COLL is a first step for learning ZBLL but by itself, it actually is not that great. WV on the other hand is actually great because you don't get OLL skips often and learning the easy cases helps and the odds of an OLL skip (With CFOP)is reduced from 1/216 to 1/8.
So, from the above facts, it is indeed WV FTW.
Moreover, COLL Recognition is hard at first and WV recognition is somewhat easier.
What's still good is WV is less algs. Of course 40 algs with harder recognition sucks in front of 27 algs with somewhat easier recognition.
On top of all this, OLL skips are a big boost to solves if you have good PLL algs and fingertricks as they cut down at least a second or two from your times.
(I don't know full WV and I'm in the process of learning it. I know somewhere north of 15 cases but still it helps and all the stuff I've written above is all my experience. Btw I know almost all of COLL too.)
So should i just learn wv and zbll?

I don't think this is a fair comparison. On the surface, it looks like WV has only 27 algs and COLL has 42 (40 not counting PLL), but:

(i) Most people skip the S/AS subsets of COLL, bringing that down to 28 algs. Or really, 28 − 5 = 23 new algs on top of OLL/PLL. Contrast with 27 − 2 = 25 new algs for WV.

(ii) WV is 25 algs for one slot in one specific orientation only, and 50 if you want to be able to do it with two slots. If you want to count mirrors as the same cases, then you should do the same for COLL as well, which brings the alg counts from
50 (WV) versus 23 (COLL sans S/AS) versus 33 (full COLL)
to
25 (WV) versus 18 (COLL sans S/AS) versus 23 (full COLL).
Ok thanks but does learning wv mean id never get a coll?
 

PapaSmurf

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Learn OLL/PLL if you're doing CFOP. Then learn the 4 or 5 worthwhile WV cases that are easy (R U' R', R U2 R', R U R' U' R U' R', L' U R U' R' L, L' U2 R U R' U2 L). Then learn the COLL cases that are worth it (all of TUL, all but one of H and Pi). Full of either set isn't worth it.

Yes, WV means you never get COLL.
 

Cubing5life

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Learn OLL/PLL if you're doing CFOP. Then learn the 4 or 5 worthwhile WV cases that are easy (R U' R', R U2 R', R U R' U' R U' R', L' U R U' R' L, L' U2 R U R' U2 L). Then learn the COLL cases that are worth it (all of TUL, all but one of H and Pi). Full of either set isn't worth it.

Yes, WV means you never get COLL.
Actually you could get COLL with some sledge inserts or advanced F2L solutions for last pair that don‘t use R U‘ R‘ inserts.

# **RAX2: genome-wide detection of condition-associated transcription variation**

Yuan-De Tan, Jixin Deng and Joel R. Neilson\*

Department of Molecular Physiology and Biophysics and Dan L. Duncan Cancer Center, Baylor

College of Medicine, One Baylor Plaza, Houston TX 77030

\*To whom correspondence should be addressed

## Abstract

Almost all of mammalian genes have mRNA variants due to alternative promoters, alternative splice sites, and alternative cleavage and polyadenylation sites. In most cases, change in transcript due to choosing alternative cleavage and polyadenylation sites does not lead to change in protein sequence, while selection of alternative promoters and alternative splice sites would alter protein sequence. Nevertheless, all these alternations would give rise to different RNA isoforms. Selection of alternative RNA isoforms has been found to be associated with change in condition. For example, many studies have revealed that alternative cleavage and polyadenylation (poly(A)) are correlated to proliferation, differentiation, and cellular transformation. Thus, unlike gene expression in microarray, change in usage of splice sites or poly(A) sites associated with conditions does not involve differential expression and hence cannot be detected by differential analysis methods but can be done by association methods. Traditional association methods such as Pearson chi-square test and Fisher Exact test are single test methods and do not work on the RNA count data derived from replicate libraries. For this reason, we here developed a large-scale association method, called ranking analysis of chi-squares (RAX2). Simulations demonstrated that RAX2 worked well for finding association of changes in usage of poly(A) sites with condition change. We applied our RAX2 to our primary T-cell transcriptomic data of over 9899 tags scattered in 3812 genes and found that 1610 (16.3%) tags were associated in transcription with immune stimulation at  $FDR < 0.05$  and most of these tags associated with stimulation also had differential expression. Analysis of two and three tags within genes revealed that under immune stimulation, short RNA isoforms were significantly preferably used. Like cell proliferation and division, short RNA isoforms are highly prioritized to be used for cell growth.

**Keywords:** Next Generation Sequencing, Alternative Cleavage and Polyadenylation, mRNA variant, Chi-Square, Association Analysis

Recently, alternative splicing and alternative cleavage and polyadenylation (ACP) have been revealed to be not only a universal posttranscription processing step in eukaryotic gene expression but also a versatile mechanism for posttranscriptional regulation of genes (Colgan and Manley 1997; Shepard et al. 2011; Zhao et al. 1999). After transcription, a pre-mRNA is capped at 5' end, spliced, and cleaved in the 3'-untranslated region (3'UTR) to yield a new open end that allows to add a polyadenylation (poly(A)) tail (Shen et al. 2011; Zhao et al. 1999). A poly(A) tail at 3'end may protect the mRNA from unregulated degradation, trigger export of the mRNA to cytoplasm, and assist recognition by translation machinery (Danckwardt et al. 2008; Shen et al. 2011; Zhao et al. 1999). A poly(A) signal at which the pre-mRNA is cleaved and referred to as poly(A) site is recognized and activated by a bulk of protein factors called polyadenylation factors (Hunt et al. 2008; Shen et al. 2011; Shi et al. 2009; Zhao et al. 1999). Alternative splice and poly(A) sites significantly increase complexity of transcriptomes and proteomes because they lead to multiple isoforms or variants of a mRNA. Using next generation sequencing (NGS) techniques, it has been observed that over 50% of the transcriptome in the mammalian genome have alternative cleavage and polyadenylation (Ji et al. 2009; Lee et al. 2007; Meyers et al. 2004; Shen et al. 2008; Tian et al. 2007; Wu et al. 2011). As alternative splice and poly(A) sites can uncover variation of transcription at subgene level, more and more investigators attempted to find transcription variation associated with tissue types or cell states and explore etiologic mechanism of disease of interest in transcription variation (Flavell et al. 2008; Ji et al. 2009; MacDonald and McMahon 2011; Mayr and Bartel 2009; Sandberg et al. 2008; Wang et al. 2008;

Gerry

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Something I noticed made me wonder about how many ways there are to "solve" a 3x3. From the perspective of the logo there is at least 2 different solves. I noticed this while watching beginner tutorials that when the blue side is towards me and white side up, the logo is correctly oriented. Then I scrambled it and solved it. Now when the white side is up, and blue towards me, the logo is upside down. If I drew a picture on each side so you could still solve with the colors, would the images be scrambled? Or would just the centers of the images spin? Originally my guess was just the centres would spin, with 3 axis. For 64 different ways. (4x4x4) Now I'm thinking that the centers can spin separately from each other for 4x4x4x4x4x4 for 4096 different ways. Can anyone confirm or deny my guess?
 

bcube

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Now I'm thinking that the centers can spin separately from each other for 4x4x4x4x4x4 for 4096 different ways. Can anyone confirm or deny my guess?

Actually, it´s (4^6)/2 = 2048. One quarter turn rotates the center piece by 90 degrees, but also makes corners and edges unsolvable while keeping that center piece rotated - so only 1/2 of combinations which can be reached by executing quarter turns are solvable.

What you are describing is a supercube, if you are only interested in centers, click here.
 

PetrusQuber

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Yeah, certain things can rotate the centre in a 3x3, while it is not considered different solved states generally.
Actually, it´s (4^6)/2 = 2048. One quarter turn rotates the center piece by 90 degrees, but also makes corners and edges unsolvable while keeping that center piece rotated - so only 1/2 of combinations which can be reached by executing quarter turns are solvable.

What you are describing is a supercube, if you are only interested in centers, click here.
^
Doing two T Perms one after the other rotates the centre by 180 degrees for example